Epistemic modals are a prominent topic in the literature on natural language semantics, with wide-ranging implications for issues in philosophy of language and philosophical logic. Considerations about the role that epistemic "might" and "must" play in discourse and reasoning have led to the development of several important alternatives to classical possible worlds semantics for natural language modal expressions. This is an opinionated overview of what I take to be some of the most exciting issues and developments in the field.
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  • Free Choice is a Form of Dependence.Magdalena Kaufmann - 2016 - Natural Language Semantics 24 (3):247-290.
    This paper refutes the widespread view that disjunctions of imperatives invariably grant free choice between the actions named by their disjuncts. Like other disjunctions they can also express a correlation with some factual distinction, but as with modalized declaratives used for non-assertive speech acts this needs to be indicated explicitly. A compositional analysis of one such indicator, depending on, constitutes the point of departure for a uniform analysis of disjunctions across clause types. Disjunctions are analyzed as sets of propositional alternatives (...)
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  • Contrastivism About Reasons and Ought.Justin Snedegar - 2015 - Philosophy Compass 10 (6):379-388.
    Contrastivism about some concept says that the concept is relativized to sets of alternatives. Relative to some alternatives, the concept may apply, but relative to others, it may not. This article explores contrastivism about the central normative concepts of reasons and ought. Contrastivism about reasons says that a consideration may be a reason for an action A rather than one alternative, B, but may not be a reason for A rather than some other alternative, C. Likewise, contrastivism about ought says (...)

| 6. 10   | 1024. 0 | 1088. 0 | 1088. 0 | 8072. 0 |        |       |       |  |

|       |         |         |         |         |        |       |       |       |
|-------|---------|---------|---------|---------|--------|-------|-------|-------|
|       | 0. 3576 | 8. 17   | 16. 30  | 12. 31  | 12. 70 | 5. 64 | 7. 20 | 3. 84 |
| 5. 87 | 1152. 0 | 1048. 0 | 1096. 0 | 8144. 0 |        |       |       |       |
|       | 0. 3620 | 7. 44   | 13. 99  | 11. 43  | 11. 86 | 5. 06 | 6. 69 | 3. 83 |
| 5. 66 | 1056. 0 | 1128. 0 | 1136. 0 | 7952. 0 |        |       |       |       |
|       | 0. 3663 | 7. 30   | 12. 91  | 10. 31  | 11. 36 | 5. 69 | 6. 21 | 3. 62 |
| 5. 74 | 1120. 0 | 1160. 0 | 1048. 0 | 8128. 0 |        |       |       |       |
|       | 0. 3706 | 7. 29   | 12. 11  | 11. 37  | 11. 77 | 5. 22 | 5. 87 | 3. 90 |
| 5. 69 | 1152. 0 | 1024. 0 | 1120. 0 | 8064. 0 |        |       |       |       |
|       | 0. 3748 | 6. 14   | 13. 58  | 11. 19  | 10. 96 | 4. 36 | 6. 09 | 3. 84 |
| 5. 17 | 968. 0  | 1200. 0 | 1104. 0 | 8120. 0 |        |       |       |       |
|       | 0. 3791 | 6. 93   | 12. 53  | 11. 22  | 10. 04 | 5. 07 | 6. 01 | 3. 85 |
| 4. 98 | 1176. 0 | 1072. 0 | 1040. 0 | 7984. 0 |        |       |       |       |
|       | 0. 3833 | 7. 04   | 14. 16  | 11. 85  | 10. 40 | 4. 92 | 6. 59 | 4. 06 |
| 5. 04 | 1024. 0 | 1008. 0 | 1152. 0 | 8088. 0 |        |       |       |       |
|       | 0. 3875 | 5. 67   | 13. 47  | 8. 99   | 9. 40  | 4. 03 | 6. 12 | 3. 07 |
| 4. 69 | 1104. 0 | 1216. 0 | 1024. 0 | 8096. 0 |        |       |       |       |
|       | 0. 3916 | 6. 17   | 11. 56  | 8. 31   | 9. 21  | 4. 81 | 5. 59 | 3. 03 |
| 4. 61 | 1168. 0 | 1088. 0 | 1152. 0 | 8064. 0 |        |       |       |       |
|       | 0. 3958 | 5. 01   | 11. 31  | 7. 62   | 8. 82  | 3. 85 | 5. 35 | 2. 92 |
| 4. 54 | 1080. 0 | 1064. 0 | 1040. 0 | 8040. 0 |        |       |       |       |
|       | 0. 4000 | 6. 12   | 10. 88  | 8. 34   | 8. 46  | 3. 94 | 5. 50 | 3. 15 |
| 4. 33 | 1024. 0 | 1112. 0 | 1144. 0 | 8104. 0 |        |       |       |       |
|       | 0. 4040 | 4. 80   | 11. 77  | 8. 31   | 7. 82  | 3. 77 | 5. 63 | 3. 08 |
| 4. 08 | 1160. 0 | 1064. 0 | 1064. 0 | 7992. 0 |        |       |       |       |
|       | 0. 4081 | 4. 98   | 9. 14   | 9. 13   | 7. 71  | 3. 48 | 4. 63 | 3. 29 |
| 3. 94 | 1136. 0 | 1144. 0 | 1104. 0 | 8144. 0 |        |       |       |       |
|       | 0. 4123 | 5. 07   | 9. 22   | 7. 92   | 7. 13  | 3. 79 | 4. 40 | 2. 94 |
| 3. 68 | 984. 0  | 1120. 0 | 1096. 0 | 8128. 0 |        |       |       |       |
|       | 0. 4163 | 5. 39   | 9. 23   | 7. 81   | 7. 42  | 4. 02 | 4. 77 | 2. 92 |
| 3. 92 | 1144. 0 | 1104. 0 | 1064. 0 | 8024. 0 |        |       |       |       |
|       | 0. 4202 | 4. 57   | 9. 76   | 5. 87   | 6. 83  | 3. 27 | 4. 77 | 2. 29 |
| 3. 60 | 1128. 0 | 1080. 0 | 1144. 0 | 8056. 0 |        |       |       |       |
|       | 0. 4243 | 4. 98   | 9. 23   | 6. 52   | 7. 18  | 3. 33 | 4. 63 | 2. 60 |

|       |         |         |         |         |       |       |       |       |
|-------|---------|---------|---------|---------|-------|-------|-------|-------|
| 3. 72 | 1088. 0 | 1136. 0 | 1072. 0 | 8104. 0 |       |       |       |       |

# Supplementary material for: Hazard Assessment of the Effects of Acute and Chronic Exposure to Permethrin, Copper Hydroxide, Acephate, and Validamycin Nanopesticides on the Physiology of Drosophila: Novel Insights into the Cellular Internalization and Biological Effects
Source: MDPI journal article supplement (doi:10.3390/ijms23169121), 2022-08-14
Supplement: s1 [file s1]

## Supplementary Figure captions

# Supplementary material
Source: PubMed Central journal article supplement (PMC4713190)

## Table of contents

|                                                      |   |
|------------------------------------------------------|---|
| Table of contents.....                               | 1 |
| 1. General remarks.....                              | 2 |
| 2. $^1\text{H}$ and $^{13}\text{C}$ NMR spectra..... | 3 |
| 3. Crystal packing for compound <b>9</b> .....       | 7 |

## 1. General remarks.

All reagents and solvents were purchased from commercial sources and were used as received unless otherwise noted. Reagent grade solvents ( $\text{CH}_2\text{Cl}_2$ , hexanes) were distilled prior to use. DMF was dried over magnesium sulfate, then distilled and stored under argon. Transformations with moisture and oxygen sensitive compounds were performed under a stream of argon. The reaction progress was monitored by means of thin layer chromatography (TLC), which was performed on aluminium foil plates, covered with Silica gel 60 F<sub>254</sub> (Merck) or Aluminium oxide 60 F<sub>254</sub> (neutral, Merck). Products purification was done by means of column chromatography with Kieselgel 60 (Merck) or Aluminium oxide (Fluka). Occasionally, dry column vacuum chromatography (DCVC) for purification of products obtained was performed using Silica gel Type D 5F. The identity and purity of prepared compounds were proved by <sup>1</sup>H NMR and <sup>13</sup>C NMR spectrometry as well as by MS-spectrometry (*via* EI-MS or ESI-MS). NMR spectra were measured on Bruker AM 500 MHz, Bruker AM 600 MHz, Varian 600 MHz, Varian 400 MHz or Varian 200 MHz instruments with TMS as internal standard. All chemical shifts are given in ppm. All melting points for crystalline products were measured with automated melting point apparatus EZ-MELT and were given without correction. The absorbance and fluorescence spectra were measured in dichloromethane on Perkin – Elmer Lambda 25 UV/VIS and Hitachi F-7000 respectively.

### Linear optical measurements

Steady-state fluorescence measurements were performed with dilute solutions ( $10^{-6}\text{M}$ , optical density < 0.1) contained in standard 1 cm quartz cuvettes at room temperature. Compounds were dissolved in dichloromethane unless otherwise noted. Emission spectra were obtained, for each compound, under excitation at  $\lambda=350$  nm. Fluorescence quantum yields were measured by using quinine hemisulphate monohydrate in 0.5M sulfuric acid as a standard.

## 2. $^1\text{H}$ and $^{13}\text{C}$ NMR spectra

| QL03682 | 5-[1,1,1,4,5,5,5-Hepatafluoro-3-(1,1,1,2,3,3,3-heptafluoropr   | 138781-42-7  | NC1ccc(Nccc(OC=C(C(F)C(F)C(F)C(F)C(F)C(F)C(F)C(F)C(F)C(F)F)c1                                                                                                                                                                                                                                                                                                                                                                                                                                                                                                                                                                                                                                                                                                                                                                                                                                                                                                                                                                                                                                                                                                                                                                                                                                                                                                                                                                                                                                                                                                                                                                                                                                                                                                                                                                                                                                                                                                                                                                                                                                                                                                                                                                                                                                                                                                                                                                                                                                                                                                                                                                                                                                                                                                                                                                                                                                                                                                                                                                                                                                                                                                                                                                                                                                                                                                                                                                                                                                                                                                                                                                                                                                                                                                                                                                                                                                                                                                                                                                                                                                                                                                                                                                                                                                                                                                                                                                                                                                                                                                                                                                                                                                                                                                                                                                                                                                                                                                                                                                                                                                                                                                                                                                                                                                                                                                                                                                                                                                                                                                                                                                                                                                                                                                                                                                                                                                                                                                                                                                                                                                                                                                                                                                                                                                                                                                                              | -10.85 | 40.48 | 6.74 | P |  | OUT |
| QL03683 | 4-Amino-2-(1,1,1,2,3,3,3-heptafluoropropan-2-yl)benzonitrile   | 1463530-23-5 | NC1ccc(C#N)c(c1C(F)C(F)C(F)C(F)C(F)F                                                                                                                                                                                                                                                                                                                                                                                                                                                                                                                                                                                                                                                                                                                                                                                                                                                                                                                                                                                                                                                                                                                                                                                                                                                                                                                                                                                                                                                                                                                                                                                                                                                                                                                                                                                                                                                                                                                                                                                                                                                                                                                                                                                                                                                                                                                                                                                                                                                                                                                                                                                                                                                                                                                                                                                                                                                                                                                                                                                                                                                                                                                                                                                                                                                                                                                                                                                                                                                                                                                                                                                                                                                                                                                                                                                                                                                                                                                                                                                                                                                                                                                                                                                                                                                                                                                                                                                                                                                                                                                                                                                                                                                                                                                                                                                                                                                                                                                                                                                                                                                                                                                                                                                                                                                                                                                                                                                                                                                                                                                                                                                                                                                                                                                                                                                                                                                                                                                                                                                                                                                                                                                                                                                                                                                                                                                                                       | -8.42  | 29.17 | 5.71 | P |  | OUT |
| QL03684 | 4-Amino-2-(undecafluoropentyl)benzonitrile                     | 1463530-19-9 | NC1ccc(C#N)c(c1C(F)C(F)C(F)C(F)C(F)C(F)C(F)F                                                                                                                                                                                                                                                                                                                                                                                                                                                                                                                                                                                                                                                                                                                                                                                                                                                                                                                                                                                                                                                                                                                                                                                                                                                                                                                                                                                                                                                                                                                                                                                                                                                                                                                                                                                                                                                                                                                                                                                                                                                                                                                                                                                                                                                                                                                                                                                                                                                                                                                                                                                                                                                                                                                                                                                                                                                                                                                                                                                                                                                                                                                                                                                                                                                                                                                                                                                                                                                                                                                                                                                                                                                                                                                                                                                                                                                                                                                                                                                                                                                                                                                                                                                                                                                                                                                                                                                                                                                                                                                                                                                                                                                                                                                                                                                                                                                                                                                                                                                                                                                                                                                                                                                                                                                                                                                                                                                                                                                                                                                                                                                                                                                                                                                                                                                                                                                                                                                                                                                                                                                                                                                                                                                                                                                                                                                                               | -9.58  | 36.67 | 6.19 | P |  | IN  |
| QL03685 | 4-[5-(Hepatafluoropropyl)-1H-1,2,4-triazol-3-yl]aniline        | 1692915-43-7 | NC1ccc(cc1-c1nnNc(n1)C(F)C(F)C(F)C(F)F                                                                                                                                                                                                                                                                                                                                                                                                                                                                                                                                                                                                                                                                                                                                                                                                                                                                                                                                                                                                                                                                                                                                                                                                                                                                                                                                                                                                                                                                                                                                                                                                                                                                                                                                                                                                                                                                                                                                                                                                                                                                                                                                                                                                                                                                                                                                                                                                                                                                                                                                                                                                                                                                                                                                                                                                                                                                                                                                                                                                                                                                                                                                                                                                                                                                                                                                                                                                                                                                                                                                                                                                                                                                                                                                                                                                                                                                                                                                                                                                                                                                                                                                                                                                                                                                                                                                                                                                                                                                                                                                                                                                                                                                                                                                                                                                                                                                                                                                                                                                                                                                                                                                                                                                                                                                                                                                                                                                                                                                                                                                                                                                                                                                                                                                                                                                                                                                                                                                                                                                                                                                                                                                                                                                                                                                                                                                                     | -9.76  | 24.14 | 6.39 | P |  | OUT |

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  • Modality, Scale Structure, and Scalar Reasoning.Daniel Lassiter - 2014 - Pacific Philosophical Quarterly 95 (4):461-490.
    Epistemic and deontic comparatives differ in how they interact with disjunction. I argue that this difference provides a compelling empirical argument against the semantics of Kratzer, which predicts that all modal comparatives should interact with disjunction in the same way. Interestingly, an identical distinction is found in the semantics of non-modal adjectives: additive adjectives like ‘heavy’ behave logically like epistemic comparatives, and intermediate adjectives like ‘hot’ behave like deontic comparatives. I characterize this distinction formally and argue that the divergence between (...)
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  • Attitudes, Deontics and Semantic Neutrality.Fabrizio Cariani - 2014 - Pacific Philosophical Quarterly 95 (4):491-511.
    It has been recently suggested that a semantic theory for deontic modals should be neutral between a very large range of normative and evaluative theories. This article aims to clarify this talk of neutrality, in particular its scope and motivation. My thesis is that neutrality is best understood as an empirical thesis about a fragment of natural language that includes deontic modals – not as a new, sui generis methodological constraint on natural language semantics.